Global Catastrophe-Collapse

13 May 2018 Royal Soc ​​Theme issue ‘The Paris Agreement: understanding the physical and social challenges for a warming world of 1.5°C above pre-industrial levels’

July 2016 Science and policy ..2,1.5C
Paris Agreement temperature goal Carl-F Schleussner

21 April 2016
1.5 C vs 2 C global warming: New study shows why half a degree matters​​

7 Dec 2015 A scientific critique of the two-degree climate change target

​​12 Oct 2015 ​​Catalogue of abrupt shifts (under 2C) in Intergovernmental Panel on Climate Change climate models

Dec 2013 ​​Going beyond two degrees? The risks...

March 2015 ​​1.5°C or 2°C: a conduit’s view from the science-policy interface at COP20 in Lima, Peru
 The Health and Human Rights Approach to Climate Change
2015 Chris Shaw The Two Degrees Dangerous Limit for Climate Change
Since the 2018 IPCC 1.5C Report some top scientists have been publishing stern warnings that the world faces a global climate catastrophe, with collapse of essential global ecosystems, causing collapse of our world society and civilization. Escalating international and intra-national conflict increases carbon emissions and renders any chance of an international agreement to put global emissions into decline practically impossible.
Published 9 September 2022 by David McKay et al, Exceeding 1.5°C global warming could trigger multiple climate tipping points speaks for itself

Published ​1 August by Luke Kemp et al, Climate Endgame: Exploring catastrophic climate change scenarios- also speaks for itself too, with multiple planetary catastrophes at high and increasing risk

​Published 6 August 2018 by W ill Steffen et al, Trajectories of the Earth System in the Anthropocene, became known as the Hothouse Earth paper, for what it warned of. Multiple planetary tipping points were all projected to be triggered at 2C (see supplement), leading to a biosphere catastrophic hothouse Earth state.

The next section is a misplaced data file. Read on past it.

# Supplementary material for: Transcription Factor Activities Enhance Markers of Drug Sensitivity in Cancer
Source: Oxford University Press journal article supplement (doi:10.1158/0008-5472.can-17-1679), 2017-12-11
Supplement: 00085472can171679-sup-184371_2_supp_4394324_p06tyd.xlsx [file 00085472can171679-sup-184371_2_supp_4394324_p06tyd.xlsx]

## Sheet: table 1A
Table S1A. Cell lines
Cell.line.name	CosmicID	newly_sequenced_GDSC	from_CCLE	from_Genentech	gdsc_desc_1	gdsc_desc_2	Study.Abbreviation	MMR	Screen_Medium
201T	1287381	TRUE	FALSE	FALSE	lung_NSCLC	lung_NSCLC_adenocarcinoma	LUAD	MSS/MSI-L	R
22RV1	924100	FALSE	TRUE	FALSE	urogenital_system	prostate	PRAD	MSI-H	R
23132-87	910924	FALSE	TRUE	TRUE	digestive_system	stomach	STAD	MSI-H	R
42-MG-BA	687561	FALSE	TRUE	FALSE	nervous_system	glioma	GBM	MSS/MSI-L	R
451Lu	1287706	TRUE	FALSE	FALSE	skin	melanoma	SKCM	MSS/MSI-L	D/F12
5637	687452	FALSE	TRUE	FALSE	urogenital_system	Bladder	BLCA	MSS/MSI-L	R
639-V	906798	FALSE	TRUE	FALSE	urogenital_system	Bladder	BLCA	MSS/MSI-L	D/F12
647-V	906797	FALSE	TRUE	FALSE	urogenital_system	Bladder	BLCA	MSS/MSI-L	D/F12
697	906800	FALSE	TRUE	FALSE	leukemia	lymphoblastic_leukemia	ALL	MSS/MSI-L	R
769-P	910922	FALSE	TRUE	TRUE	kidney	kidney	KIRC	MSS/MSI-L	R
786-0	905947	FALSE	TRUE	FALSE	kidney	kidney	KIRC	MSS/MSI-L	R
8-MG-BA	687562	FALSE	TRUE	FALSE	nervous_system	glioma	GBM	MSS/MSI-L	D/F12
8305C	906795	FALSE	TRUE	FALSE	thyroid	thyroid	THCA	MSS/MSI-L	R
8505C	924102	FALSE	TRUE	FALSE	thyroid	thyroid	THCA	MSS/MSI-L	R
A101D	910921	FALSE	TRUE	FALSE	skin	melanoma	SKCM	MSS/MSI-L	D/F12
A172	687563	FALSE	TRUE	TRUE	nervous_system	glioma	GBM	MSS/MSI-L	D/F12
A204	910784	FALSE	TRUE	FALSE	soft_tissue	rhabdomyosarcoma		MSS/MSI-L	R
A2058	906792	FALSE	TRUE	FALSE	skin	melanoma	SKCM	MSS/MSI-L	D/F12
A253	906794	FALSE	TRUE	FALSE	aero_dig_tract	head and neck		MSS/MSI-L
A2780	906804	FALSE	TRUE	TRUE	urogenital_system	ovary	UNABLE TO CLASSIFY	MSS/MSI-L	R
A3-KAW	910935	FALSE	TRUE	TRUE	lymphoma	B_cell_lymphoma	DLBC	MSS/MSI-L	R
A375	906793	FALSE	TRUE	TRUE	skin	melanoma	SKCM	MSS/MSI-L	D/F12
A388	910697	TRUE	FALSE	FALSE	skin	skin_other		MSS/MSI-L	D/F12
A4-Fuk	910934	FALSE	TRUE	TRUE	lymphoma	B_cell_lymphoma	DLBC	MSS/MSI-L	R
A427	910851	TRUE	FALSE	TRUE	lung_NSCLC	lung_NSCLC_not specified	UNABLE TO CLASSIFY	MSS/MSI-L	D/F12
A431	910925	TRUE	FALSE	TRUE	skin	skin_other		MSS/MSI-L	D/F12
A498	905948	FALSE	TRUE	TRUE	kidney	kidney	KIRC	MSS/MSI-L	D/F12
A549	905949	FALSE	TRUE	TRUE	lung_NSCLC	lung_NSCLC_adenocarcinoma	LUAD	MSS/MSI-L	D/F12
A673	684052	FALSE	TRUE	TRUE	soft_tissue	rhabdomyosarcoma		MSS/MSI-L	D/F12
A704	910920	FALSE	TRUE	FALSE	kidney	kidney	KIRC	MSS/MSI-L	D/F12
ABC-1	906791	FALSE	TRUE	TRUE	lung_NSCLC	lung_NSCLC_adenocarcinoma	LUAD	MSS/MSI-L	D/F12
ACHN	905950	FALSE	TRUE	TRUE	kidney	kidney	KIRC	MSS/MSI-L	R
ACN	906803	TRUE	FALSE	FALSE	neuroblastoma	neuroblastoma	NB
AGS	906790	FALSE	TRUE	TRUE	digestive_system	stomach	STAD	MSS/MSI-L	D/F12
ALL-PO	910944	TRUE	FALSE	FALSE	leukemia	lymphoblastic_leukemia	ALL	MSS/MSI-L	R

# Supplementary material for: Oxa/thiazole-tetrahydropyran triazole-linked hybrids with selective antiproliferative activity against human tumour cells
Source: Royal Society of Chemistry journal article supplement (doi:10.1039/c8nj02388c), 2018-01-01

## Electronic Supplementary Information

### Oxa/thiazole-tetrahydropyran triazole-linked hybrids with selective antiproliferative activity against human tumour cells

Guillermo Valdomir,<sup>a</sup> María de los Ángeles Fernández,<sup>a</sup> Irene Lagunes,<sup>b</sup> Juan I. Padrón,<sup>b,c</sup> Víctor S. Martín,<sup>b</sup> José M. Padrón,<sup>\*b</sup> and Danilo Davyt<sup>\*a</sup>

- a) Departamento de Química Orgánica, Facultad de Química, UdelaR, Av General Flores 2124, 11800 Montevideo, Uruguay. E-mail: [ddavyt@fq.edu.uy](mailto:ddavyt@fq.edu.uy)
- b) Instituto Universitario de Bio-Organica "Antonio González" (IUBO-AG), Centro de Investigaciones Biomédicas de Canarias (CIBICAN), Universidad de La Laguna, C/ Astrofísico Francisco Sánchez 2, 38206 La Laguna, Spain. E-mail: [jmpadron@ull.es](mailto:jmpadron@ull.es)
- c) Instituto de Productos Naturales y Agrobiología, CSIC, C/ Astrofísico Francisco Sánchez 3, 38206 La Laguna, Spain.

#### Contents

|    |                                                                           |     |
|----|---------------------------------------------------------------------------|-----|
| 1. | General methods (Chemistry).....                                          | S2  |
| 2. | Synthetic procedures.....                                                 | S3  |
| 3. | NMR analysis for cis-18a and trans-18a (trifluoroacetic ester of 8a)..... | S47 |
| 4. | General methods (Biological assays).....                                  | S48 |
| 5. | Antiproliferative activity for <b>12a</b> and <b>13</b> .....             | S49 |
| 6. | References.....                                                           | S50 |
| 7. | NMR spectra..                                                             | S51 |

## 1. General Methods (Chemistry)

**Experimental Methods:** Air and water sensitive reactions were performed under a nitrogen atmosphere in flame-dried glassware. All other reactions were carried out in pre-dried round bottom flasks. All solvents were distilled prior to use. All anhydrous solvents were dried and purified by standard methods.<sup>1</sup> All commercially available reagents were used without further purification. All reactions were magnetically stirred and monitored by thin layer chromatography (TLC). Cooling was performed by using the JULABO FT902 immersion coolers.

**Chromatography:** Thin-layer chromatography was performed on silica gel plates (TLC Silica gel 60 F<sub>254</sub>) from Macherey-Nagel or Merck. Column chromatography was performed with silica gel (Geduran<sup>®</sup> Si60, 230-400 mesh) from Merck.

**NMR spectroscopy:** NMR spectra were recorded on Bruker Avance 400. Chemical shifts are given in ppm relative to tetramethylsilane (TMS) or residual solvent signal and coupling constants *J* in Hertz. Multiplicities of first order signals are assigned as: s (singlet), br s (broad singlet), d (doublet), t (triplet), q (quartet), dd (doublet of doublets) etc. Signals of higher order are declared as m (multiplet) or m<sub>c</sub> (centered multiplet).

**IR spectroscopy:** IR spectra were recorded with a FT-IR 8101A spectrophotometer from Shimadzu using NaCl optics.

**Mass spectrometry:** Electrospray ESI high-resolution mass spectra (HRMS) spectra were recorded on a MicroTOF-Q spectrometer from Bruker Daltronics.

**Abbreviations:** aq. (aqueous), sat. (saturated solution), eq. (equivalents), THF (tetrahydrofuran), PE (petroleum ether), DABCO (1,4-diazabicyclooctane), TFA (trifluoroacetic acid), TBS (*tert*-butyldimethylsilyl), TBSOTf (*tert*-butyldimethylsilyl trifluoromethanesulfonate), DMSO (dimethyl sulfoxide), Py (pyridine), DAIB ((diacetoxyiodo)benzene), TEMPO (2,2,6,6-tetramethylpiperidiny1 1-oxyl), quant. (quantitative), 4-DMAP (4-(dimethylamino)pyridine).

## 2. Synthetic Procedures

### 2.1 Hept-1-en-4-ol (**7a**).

​​The January 2020 most strongly worded research paper was published by an unusually large number of experts Underestimating the Challenges of Avoiding a Ghastly Future Corey J. A. Bradshaw, Paul R. Ehrlich, Andrew Beattie, Gerardo Ceballos, Eileen Crist, Joan Diamond, Rodolfo Dirzo, Anne H. Ehrlich, John Harte, Mary Ellen Hart, Graham Pyke, Peter H. Raven, William J. Ripple, Frédérik Saltré, Christine Turnbull, Mathis Wackernagel and Daniel T. Blumstein​

​​​The paper warned and advised that this
d​​ire situation "places an extraordinary responsibility on scientists to speak out candidly and accurately when engaging with government, business, and the public. The paper through all its dire evidence is a call on scientists to be forthright on the existential to survival of civilization, the human race and most life".

The authors cover predictions of a ghastly future of mass extinction, declining health, and climate-disruption upheavals (including looming massive migrations) and resource conflicts this century. 
They urge that the gravity  of the situation requires fundamental changes to global capitalism, education, and equality, which in​clude inter alia the abolition of perpetual economic growth, properly pricing externalities, a rapid exit from fossil-fuel use, strict regulation of markets and property acquisition, reigning in corporate lobbying, and the empowerment of women. Oddly they don`t include termination of fossil fuel subsidies or explicit charging central corporate global polluters the cost of their pollution.

​​We summarize the state of the natural world in stark form here to help clarify the gravity of the human predicament. We also outline likely future trends in biodiversity decline (Díaz et al., 2019), climate disruption (Ripple et al., 2020), and human consumption and population growth to demonstrate the near certainty that these problems will worsen over the coming decades, with negative impacts for centuries to come. Finally, we discuss the ineffectiveness of current and planned actions that are attempting to address the ominous erosion of Earth's life-support system. 

​​It is therefore incumbent on experts in any discipline that deals with the future of the biosphere and human well-being to eschew reticence, avoid sugar-coating the overwhelming challenges ahead and “tell it like it is.” Anything else is misleading at best, or negligent and potentially lethal for the human enterprise at worst.